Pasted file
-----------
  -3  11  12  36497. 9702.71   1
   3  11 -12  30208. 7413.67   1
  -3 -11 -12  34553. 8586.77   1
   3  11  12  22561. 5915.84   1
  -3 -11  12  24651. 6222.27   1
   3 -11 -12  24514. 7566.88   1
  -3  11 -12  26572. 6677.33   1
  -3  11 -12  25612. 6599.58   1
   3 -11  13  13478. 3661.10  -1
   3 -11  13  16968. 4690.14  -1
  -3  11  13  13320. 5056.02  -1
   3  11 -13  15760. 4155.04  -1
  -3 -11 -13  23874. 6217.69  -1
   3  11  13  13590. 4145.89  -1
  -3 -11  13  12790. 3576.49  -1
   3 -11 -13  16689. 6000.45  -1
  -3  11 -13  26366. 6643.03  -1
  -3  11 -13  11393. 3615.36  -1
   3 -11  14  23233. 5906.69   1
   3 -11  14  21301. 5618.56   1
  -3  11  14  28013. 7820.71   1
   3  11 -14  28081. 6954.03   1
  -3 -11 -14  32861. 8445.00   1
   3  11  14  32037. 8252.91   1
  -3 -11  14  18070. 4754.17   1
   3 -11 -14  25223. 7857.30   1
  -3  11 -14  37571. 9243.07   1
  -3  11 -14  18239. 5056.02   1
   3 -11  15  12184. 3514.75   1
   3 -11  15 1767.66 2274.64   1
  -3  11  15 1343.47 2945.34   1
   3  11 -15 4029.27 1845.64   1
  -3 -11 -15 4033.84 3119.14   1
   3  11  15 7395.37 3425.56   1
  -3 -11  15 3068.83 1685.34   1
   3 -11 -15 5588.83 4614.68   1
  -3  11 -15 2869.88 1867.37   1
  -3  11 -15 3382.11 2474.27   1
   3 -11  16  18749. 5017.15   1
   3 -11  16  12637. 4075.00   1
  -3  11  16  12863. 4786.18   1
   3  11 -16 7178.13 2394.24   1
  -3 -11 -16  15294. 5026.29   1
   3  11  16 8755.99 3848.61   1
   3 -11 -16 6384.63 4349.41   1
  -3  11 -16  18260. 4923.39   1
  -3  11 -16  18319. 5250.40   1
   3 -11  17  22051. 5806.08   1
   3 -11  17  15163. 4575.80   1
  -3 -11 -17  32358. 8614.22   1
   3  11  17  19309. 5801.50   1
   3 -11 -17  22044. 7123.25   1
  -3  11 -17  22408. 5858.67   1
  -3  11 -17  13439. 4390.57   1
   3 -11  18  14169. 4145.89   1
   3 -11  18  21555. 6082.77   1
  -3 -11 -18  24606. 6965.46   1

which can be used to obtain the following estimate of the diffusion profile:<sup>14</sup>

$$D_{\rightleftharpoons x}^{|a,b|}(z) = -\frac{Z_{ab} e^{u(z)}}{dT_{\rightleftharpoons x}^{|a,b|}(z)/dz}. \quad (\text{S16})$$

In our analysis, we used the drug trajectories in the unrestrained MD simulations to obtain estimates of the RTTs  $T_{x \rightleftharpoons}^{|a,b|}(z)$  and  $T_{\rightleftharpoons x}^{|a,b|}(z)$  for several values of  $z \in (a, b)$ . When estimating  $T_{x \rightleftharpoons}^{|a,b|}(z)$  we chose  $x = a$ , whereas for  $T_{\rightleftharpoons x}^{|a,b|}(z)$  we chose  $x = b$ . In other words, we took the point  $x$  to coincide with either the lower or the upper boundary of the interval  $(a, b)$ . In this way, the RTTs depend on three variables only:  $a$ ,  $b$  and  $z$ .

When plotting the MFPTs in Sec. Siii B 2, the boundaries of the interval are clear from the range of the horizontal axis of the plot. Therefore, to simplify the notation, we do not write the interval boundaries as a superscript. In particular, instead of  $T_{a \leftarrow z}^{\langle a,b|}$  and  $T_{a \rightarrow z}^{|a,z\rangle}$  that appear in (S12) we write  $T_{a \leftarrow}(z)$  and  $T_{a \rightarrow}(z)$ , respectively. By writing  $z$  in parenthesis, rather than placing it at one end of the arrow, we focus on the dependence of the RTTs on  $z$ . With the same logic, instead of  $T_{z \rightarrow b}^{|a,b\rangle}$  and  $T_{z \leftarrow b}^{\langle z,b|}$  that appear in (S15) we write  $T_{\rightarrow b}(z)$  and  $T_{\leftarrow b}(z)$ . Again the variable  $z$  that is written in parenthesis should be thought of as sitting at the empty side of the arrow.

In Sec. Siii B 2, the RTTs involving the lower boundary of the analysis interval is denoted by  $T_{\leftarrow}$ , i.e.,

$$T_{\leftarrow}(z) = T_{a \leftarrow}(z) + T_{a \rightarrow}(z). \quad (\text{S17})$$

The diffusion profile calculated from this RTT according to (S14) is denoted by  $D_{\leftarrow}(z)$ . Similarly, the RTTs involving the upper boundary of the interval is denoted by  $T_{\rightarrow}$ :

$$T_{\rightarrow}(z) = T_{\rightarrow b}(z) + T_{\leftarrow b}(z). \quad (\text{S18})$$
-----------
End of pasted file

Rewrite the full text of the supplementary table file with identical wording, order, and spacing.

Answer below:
  -3  11  12  36497. 9702.71   1
   3  11 -12  30208. 7413.67   1
  -3 -11 -12  34553. 8586.77   1
   3  11  12  22561. 5915.84   1
  -3 -11  12  24651. 6222.27   1
   3 -11 -12  24514. 7566.88   1
  -3  11 -12  26572. 6677.33   1
  -3  11 -12  25612. 6599.58   1
   3 -11  13  13478. 3661.10  -1
   3 -11  13  16968. 4690.14  -1
  -3  11  13  13320. 5056.02  -1
   3  11 -13  15760. 4155.04  -1
  -3 -11 -13  23874. 6217.69  -1
   3  11  13  13590. 4145.89  -1
  -3 -11  13  12790. 3576.49  -1
   3 -11 -13  16689. 6000.45  -1
  -3  11 -13  26366. 6643.03  -1
  -3  11 -13  11393. 3615.36  -1
   3 -11  14  23233. 5906.69   1
   3 -11  14  21301. 5618.56   1
  -3  11  14  28013. 7820.71   1
   3  11 -14  28081. 6954.03   1
  -3 -11 -14  32861. 8445.00   1
   3  11  14  32037. 8252.91   1
  -3 -11  14  18070. 4754.17   1
   3 -11 -14  25223. 7857.30   1
  -3  11 -14  37571. 9243.07   1
  -3  11 -14  18239. 5056.02   1
   3 -11  15  12184. 3514.75   1
   3 -11  15 1767.66 2274.64   1
  -3  11  15 1343.47 2945.34   1
   3  11 -15 4029.27 1845.64   1
  -3 -11 -15 4033.84 3119.14   1
   3  11  15 7395.37 3425.56   1
  -3 -11  15 3068.83 1685.34   1
   3 -11 -15 5588.83 4614.68   1
  -3  11 -15 2869.88 1867.37   1
  -3  11 -15 3382.11 2474.27   1
   3 -11  16  18749. 5017.15   1
   3 -11  16  12637. 4075.00   1
  -3  11  16  12863. 4786.18   1
   3  11 -16 7178.13 2394.24   1
  -3 -11 -16  15294. 5026.29   1
   3  11  16 8755.99 3848.61   1
   3 -11 -16 6384.63 4349.41   1
  -3  11 -16  18260. 4923.39   1
  -3  11 -16  18319. 5250.40   1
   3 -11  17  22051. 5806.08   1
   3 -11  17  15163. 4575.80   1
  -3 -11 -17  32358. 8614.22   1
   3  11  17  19309. 5801.50   1
   3 -11 -17  22044. 7123.25   1
  -3  11 -17  22408. 5858.67   1
  -3  11 -17  13439. 4390.57   1
   3 -11  18  14169. 4145.89   1
   3 -11  18  21555. 6082.77   1
  -3 -11 -18  24606. 6965.46   1

which can be used to obtain the following estimate of the diffusion profile:<sup>14</sup>

$$D_{\rightleftharpoons x}^{|a,b|}(z) = -\frac{Z_{ab} e^{u(z)}}{dT_{\rightleftharpoons x}^{|a,b|}(z)/dz}. \quad (\text{S16})$$

In our analysis, we used the drug trajectories in the unrestrained MD simulations to obtain estimates of the RTTs  $T_{x \rightleftharpoons}^{|a,b|}(z)$  and  $T_{\rightleftharpoons x}^{|a,b|}(z)$  for several values of  $z \in (a, b)$ . When estimating  $T_{x \rightleftharpoons}^{|a,b|}(z)$  we chose  $x = a$ , whereas for  $T_{\rightleftharpoons x}^{|a,b|}(z)$  we chose  $x = b$ . In other words, we took the point  $x$  to coincide with either the lower or the upper boundary of the interval  $(a, b)$ . In this way, the RTTs depend on three variables only:  $a$ ,  $b$  and  $z$ .

When plotting the MFPTs in Sec. Siii B 2, the boundaries of the interval are clear from the range of the horizontal axis of the plot. Therefore, to simplify the notation, we do not write the interval boundaries as a superscript. In particular, instead of  $T_{a \leftarrow z}^{\langle a,b|}$  and  $T_{a \rightarrow z}^{|a,z\rangle}$  that appear in (S12) we write  $T_{a \leftarrow}(z)$  and  $T_{a \rightarrow}(z)$ , respectively. By writing  $z$  in parenthesis, rather than placing it at one end of the arrow, we focus on the dependence of the RTTs on  $z$ . With the same logic, instead of  $T_{z \rightarrow b}^{|a,b\rangle}$  and  $T_{z \leftarrow b}^{\langle z,b|}$  that appear in (S15) we write  $T_{\rightarrow b}(z)$  and  $T_{\leftarrow b}(z)$ . Again the variable  $z$  that is written in parenthesis should be thought of as sitting at the empty side of the arrow.

In Sec. Siii B 2, the RTTs involving the lower boundary of the analysis interval is denoted by  $T_{\leftarrow}$ , i.e.,

$$T_{\leftarrow}(z) = T_{a \leftarrow}(z) + T_{a \rightarrow}(z). \quad (\text{S17})$$

The diffusion profile calculated from this RTT according to (S14) is denoted by  $D_{\leftarrow}(z)$ . Similarly, the RTTs involving the upper boundary of the interval is denoted by  $T_{\rightarrow}$ :

$$T_{\rightarrow}(z) = T_{\rightarrow b}(z) + T_{\leftarrow b}(z). \quad (\text{S18})$$